Four years after her long medical nightmare began, a woman has been awarded $5 million in her lawsuit against New Jersey-based C.R. Bard Inc., the manufacturer of the vaginal mesh device that has caused her significant pain and injury. The personal injury attorneys representing the hundreds of other injured women that have filed product liability lawsuits believe that it signals success for their clients in the pending consolidated cases against Bard, Johnson & Johnson, Boston Scientific Corp. and others, which are scheduled to go to trial early next year.
The mother of a New Jersey boy who took his own life after enduring bullying and threats from schoolmates is reportedly suing his school district for wrongful death, claiming that district officials did not do enough to stop the bullying and protect her son.
Earlier this week, a unit of New Jersey-based Johnson & Johnson announced that it planned to discontinue sales of its vaginal mesh implants. The company denies that the decision was made in response to the product liability lawsuits that have been filed in connection with the mesh, but that the "negative overall publicity about vaginal mesh devices" motivated the discontinuation.
The family of a New Jersey woman who was hit by a car and killed in 2010 has filed a lawsuit against the nursing care facility from which the woman allegedly escaped on the night she died. In their lawsuit, the family alleges that the nursing home was negligent in allowing the woman to escape, especially given their knowledge of her mental disorders and the fact that she was at an elevated risk of leaving the facility without warning.
The wife of a New Jersey construction worker who was killed when he was struck by lightning on the job has reportedly filed a wrongful death lawsuit against the construction companies that employed her husband. In her suit, the wife alleges that the companies' on-site safety personnel had failed to sufficiently monitor the weather conditions that ultimately caused her husband's death.
A former radiology technician is facing both criminal charges and multiple civil personal injury lawsuits for allegedly falsifying the results of more than 1,000 mammogram tests over the span of 16 months. Of 1,289 mammograms for which the technician entered a negative result, 10 were actually positive. As a result, those 10 women suffered delayed breast cancer diagnoses and significant harm to their health and prognoses.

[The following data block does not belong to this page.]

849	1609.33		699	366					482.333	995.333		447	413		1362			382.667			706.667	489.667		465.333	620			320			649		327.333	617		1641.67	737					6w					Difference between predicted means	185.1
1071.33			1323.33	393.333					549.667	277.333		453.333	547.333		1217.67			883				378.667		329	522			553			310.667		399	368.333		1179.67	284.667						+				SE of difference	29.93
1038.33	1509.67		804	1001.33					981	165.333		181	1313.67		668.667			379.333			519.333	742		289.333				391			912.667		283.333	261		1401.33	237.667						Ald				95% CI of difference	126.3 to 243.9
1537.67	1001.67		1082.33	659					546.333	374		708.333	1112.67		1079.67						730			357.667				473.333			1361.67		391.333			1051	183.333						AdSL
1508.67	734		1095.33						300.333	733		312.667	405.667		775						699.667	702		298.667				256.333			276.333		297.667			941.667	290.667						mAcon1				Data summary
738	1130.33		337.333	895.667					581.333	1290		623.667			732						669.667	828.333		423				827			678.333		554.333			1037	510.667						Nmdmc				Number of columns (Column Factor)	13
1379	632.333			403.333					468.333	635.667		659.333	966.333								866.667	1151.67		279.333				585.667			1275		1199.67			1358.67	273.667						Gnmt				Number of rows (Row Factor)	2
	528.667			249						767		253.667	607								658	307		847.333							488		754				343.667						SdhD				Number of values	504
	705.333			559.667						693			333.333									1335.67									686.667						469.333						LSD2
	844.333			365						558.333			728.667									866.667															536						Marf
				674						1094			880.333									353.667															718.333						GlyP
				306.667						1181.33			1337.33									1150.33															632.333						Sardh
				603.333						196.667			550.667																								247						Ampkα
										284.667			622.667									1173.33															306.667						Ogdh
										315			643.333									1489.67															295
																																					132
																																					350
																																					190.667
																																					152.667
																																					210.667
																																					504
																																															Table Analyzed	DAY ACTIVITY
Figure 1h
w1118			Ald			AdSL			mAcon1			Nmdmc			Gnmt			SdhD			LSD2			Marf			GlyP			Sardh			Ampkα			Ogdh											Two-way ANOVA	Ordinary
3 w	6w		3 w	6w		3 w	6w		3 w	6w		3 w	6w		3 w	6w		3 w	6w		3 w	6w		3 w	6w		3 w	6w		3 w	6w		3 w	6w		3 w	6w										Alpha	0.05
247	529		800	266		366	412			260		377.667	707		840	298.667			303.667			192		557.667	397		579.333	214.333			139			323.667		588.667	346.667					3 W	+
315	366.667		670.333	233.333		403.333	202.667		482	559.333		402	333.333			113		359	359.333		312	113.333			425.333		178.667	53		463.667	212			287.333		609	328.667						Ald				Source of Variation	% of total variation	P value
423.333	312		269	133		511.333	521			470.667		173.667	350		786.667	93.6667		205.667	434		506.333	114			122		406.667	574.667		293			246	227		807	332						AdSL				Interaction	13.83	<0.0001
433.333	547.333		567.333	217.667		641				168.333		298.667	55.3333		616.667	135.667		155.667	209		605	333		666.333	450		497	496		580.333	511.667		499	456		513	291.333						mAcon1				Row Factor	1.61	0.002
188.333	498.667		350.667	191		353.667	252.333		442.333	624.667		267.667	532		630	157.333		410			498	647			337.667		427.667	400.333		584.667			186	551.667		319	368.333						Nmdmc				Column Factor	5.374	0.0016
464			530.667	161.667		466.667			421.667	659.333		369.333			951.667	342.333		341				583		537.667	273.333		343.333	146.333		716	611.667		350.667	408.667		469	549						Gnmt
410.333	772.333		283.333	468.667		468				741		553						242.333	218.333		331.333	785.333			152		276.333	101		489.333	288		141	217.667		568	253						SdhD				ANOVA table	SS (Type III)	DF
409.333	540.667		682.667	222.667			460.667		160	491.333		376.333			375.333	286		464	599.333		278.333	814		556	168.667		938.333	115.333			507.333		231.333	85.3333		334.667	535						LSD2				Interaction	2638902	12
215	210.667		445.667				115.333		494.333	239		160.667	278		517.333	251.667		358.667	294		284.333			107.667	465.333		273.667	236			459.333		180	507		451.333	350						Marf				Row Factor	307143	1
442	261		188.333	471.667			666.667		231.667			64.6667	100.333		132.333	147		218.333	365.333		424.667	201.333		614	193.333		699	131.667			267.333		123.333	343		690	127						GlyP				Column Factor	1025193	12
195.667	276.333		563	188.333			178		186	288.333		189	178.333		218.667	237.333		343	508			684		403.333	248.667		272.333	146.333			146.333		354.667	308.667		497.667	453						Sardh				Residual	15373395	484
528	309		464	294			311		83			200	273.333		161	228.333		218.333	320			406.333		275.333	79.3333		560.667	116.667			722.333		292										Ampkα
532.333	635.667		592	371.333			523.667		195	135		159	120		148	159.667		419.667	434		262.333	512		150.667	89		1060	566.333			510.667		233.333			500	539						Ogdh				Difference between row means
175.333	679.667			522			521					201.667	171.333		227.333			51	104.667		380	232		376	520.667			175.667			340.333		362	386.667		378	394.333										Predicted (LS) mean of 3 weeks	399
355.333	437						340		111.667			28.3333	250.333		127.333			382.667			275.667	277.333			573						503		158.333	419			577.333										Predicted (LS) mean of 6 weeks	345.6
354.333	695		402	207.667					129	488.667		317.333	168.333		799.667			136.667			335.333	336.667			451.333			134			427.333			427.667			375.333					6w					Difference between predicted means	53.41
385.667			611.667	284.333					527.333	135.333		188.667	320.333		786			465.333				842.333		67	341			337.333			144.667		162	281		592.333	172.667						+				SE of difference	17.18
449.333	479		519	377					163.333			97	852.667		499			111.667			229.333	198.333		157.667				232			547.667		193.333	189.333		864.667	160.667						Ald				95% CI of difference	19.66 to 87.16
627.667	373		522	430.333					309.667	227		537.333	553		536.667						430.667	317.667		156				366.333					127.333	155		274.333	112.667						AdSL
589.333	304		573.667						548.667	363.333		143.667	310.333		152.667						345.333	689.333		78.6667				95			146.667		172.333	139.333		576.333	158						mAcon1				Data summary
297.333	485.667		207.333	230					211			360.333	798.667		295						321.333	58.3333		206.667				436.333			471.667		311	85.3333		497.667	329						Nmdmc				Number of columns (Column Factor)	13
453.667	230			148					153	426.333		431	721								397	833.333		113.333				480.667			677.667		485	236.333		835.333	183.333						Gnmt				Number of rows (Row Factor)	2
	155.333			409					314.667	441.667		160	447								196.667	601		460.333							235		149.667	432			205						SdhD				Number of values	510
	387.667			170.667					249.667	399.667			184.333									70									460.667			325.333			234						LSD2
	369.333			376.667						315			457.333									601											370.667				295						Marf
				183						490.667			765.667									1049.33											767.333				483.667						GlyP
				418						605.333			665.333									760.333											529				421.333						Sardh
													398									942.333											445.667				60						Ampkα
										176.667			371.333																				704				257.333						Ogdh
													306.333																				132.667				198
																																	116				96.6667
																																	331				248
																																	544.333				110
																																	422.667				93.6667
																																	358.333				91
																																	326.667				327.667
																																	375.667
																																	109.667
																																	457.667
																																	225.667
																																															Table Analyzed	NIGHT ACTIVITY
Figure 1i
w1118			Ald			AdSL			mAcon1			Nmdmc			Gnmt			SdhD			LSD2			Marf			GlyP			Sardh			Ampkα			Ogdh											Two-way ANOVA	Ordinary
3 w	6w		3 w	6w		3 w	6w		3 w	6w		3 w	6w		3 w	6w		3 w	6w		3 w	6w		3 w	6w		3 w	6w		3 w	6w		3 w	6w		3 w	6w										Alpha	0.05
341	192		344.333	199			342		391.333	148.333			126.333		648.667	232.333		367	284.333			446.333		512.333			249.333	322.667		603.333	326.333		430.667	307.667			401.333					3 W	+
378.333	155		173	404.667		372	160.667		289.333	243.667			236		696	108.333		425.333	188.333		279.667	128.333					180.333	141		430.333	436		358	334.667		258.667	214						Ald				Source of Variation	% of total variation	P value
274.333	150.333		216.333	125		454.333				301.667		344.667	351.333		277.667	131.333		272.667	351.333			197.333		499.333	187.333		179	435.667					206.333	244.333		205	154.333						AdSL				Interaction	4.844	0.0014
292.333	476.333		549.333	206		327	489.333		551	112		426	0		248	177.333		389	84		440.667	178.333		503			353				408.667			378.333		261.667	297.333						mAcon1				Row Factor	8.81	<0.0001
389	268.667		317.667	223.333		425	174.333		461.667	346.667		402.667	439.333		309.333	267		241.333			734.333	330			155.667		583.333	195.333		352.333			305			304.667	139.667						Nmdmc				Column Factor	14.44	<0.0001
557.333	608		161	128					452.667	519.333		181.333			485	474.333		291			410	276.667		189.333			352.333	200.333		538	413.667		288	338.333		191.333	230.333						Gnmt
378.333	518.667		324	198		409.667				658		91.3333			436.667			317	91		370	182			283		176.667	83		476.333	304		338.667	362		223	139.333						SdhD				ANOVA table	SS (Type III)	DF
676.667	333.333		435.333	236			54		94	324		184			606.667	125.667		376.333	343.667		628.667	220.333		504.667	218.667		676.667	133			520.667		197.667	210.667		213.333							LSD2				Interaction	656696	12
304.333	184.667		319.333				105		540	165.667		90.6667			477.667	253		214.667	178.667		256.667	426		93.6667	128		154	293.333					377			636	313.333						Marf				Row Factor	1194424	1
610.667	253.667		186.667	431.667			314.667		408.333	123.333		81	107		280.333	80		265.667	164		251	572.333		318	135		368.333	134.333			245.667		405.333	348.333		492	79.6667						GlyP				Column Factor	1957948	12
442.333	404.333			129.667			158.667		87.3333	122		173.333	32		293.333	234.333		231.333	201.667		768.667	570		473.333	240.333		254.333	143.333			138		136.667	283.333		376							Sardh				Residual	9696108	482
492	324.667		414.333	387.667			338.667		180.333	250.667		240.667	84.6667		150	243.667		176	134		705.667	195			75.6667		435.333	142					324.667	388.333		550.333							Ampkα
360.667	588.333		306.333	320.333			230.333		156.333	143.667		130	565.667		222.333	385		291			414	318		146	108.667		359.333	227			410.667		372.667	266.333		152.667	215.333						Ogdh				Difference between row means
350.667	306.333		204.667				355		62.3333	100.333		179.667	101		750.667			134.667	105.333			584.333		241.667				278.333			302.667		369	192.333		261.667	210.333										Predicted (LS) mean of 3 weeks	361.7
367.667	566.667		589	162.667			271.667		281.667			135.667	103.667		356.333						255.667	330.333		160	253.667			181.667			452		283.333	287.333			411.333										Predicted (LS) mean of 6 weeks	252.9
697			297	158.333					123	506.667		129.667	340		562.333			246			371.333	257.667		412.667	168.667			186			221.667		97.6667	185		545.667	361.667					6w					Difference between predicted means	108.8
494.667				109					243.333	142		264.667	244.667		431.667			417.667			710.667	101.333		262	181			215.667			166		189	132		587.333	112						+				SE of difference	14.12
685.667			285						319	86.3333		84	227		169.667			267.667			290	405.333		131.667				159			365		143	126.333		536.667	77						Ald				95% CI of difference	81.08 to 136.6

Although this case did not take place in New Jersey, it provides a unique example of the potentially life-changing harm that can take place following a misdiagnosis of breast cancer. Normally, plaintiffs file medical malpractice lawsuits after doctors have failed to properly diagnose them, causing them to wait to seek treatment until their diseases are irreversibly advanced.
Earlier this week, we talked about the loophole in the U.S. Food and Drug Administration's 510(k) medical device approval process which reportedly allowed for the approval of a vaginal mesh product manufactured by New Jersey-based Johnson & Johnson. Recently, members of the U.S. House of Representatives proposed a bill which, if passed, would close that loophole, effectively preventing devices based on dangerous, previously-recalled medical products from being approved by the FDA.
Last month, a jury ordered coffee giant Starbucks to pay several million dollars to a man who suffered lasting brain injuries as a result of a fall on a Starbucks retail store's wet floor in 2008. Starbucks did not dispute the man's slip-and-fall injury or the fact that the company was responsible for it.
Earlier this month, a state appeals court ordered Wal-Mart Stores, Inc., to pay $10 million to a truck driver who suffered severe injuries while making a delivery to a Wal-Mart retail store. Wal-Mart appealed the initial verdict, denying that it was responsible for the truck driver's injury, but the appellate court affirmed the verdict.